Line 4Line 4 Copyic/close/grey600play_circle_outline - material


do they keep food affordable

Submitted by: coolperson


Expert response from Graham Brookes

Agricultural Economist, PG Economics Ltd, UK

Monday, 04/04/2016 18:52

On the assumption that this question is asking if GMO crops keep food affordable, the answer is yes, they do contribute to keeping food affordable. This arises from the cost reducing and yield enhancing impacts of using GM technology in crops like corn, soybeans, cotton and canola over the last 20 years. As a result of yield gains, between 1996 and 2013, crop biotechnology has been responsible for additional global production of 138 million tonnes of soybeans and 274 million tonnes of corn. The technology has also contributed an extra 21.7 million tonnes of cotton lint and 8 million tonnes of canola. This extra production has contributed extra supplies of food and feed across the world and therefore helped to keep prices lower than they might otherwise have been.


In addition, many farmers using GM crop technology have made savings to their costs of production, for example by reducing the amount of money they spend on pest or weed control. The combined effects of extra production and lower costs of production will have contributed to keeping the prices of important crops such as corn and soybeans, and their derivative products such as corn and soybean oils at levels that are lower today than the prices would have been if this technology had not been used.


However, assessing the precise impact of GM crop technology on the prices of crops like soybeans, corn, cotton and canola (and derivatives) is difficult. Current and past prices reflect a multitude of factors of which the introduction and adoption of new, cost saving technologies is one. This means that identifying the effect of different factors of influence on prices is far from easy.


Also, in general terms, it is important to recognize that the real price of food and feed products has fallen consistently over the last 50 years. This has not come about ‘out of the blue’ but from enormous improvements in productivity by farmers. These productivity improvements have arisen from the adoption of new technologies and techniques. Some economic analysis has been undertaken to estimate the impact of GM crop technology on global prices of crops and their derivatives. All of this analysis estimates that world prices of these commodities would have been higher if this technology had not been used.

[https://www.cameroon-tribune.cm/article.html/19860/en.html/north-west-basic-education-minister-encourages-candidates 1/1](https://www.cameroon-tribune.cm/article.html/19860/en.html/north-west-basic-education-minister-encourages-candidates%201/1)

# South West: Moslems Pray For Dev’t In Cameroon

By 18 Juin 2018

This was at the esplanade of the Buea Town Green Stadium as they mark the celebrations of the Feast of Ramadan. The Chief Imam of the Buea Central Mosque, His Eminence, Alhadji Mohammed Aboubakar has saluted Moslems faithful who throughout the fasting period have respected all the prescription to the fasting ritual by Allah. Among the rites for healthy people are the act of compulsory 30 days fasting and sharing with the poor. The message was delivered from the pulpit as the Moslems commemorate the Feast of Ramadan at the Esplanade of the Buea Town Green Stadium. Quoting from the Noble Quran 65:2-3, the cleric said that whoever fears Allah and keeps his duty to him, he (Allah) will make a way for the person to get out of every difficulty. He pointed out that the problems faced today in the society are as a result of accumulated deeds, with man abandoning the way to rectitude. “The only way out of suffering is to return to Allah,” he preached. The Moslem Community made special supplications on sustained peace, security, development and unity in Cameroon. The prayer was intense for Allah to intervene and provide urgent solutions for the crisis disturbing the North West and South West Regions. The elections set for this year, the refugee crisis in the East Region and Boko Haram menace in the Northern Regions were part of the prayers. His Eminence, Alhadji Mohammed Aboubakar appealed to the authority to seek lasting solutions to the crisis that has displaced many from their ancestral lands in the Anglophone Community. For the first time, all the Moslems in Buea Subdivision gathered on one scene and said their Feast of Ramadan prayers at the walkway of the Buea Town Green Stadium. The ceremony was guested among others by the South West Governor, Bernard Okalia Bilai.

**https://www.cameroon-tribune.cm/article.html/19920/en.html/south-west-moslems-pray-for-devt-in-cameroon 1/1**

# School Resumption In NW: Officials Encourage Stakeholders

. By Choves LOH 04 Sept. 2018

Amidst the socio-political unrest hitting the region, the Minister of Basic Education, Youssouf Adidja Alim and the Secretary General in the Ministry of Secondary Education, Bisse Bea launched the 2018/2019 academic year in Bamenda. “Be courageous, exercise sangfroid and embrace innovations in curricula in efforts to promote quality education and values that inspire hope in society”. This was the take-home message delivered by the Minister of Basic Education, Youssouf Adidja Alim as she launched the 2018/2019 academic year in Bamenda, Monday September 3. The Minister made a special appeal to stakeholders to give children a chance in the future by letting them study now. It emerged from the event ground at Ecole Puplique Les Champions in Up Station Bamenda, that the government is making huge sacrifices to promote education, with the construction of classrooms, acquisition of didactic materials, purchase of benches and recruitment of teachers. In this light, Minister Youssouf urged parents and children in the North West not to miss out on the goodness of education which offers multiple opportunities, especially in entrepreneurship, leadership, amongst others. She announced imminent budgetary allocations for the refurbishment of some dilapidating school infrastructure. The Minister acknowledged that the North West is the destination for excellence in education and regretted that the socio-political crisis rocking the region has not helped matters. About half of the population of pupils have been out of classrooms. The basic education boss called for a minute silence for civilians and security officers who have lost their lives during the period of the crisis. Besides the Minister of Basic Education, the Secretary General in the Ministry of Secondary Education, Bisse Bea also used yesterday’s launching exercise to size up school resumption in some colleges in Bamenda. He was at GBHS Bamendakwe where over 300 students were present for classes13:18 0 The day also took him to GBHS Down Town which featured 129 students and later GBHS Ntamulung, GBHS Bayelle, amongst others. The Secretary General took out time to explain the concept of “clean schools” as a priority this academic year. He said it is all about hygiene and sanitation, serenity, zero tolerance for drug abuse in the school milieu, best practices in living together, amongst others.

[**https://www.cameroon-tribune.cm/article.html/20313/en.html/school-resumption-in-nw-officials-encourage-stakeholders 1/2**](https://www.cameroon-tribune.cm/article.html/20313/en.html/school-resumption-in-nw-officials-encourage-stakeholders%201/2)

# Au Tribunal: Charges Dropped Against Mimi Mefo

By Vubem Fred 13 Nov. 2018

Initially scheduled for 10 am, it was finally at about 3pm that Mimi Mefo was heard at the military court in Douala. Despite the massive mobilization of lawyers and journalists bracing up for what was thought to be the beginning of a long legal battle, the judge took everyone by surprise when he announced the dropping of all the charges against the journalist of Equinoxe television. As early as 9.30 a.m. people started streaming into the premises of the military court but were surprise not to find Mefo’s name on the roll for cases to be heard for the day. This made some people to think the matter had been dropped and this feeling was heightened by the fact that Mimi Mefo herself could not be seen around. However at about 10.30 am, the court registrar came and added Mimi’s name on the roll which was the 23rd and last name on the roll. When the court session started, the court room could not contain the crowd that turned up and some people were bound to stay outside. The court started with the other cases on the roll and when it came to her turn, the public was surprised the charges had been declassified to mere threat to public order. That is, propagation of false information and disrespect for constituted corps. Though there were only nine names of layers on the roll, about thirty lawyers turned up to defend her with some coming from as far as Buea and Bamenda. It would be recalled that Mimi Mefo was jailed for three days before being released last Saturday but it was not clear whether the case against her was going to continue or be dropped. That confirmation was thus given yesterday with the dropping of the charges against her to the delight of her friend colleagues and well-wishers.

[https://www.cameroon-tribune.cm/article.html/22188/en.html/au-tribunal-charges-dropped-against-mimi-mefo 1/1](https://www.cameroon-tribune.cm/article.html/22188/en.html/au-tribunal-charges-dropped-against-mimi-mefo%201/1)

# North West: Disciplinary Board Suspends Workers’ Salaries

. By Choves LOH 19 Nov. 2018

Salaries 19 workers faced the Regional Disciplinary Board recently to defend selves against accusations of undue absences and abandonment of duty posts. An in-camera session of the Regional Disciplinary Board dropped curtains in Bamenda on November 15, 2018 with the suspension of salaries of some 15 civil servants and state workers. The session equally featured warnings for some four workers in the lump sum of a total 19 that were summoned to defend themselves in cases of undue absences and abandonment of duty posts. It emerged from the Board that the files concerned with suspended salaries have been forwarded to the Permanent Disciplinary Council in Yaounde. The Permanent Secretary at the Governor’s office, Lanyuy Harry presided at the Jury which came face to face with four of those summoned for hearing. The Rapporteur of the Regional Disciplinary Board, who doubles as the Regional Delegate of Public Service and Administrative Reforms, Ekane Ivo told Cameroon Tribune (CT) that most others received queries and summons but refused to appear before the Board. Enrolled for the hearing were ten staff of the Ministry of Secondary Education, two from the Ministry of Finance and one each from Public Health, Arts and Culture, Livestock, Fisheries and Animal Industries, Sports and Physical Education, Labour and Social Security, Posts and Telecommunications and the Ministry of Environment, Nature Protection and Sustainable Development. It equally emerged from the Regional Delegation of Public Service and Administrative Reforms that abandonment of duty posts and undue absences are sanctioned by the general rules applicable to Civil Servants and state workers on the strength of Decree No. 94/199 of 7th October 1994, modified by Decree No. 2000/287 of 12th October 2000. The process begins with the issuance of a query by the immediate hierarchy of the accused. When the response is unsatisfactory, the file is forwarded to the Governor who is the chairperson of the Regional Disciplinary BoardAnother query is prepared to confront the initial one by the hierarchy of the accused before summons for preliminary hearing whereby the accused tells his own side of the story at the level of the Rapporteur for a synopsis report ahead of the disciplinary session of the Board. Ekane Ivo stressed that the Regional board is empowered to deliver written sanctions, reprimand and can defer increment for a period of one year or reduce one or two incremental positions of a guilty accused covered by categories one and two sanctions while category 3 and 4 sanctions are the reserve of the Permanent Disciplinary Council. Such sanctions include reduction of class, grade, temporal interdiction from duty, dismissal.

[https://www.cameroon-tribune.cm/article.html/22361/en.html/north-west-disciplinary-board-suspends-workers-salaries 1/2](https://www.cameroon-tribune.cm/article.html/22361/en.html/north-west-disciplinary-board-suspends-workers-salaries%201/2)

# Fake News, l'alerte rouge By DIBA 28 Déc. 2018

Examples of such work include:


  • Moschini et al (2000) estimated that by 2000 the influence of biotech soybean technology on world prices of soybeans had been between -0.5% and -1% (in other words, world prices would have been 0.5-1% higher if GM technology had not been used in soybeans between 1996 and 2001);
  • Brookes et al (2010) quantified the impact of biotech traits on production, usage, trade and prices in the corn, soybean and canola sectors. This analysis estimated that if GM crop technology was no longer allowed in world agriculture, that the world prices of corn, soybeans and canola would probably be respectively +5.8%, +9.6% and +3.8% higher than current levels. Prices of key derivatives of soybeans (meal and oil) would also be between +5% (oil) and +9% (meal) higher than current levels, with rapeseed meal and oil prices being about 4% higher than current levels. World prices of related cereals and oilseeds would also be expected to rise by +3% to +4%.



Brookes G et al (2010) The production and price impact of biotech crops. Agbioforum 13 (1) 2010.

Brookes G and Barfoot P (2015) Global income and production impacts of using GM crop technology 1996-2014, GM Crops Journal 2015. 6: 13-46

Moschini G, Lapan H & Sobolevsky A (2000) Roundup ready soybeans and welfare effects in the soybean complex, Iowa State University, Agribusiness vol 16: 33-55 Graham Brookes: Agricultural Economist at PG Economics Ltd, UK who has been analysing the impact of GM crop technology around the world for 18 years and is the author of 21 peer reviewed papers on the economic and environmental impact of GM technology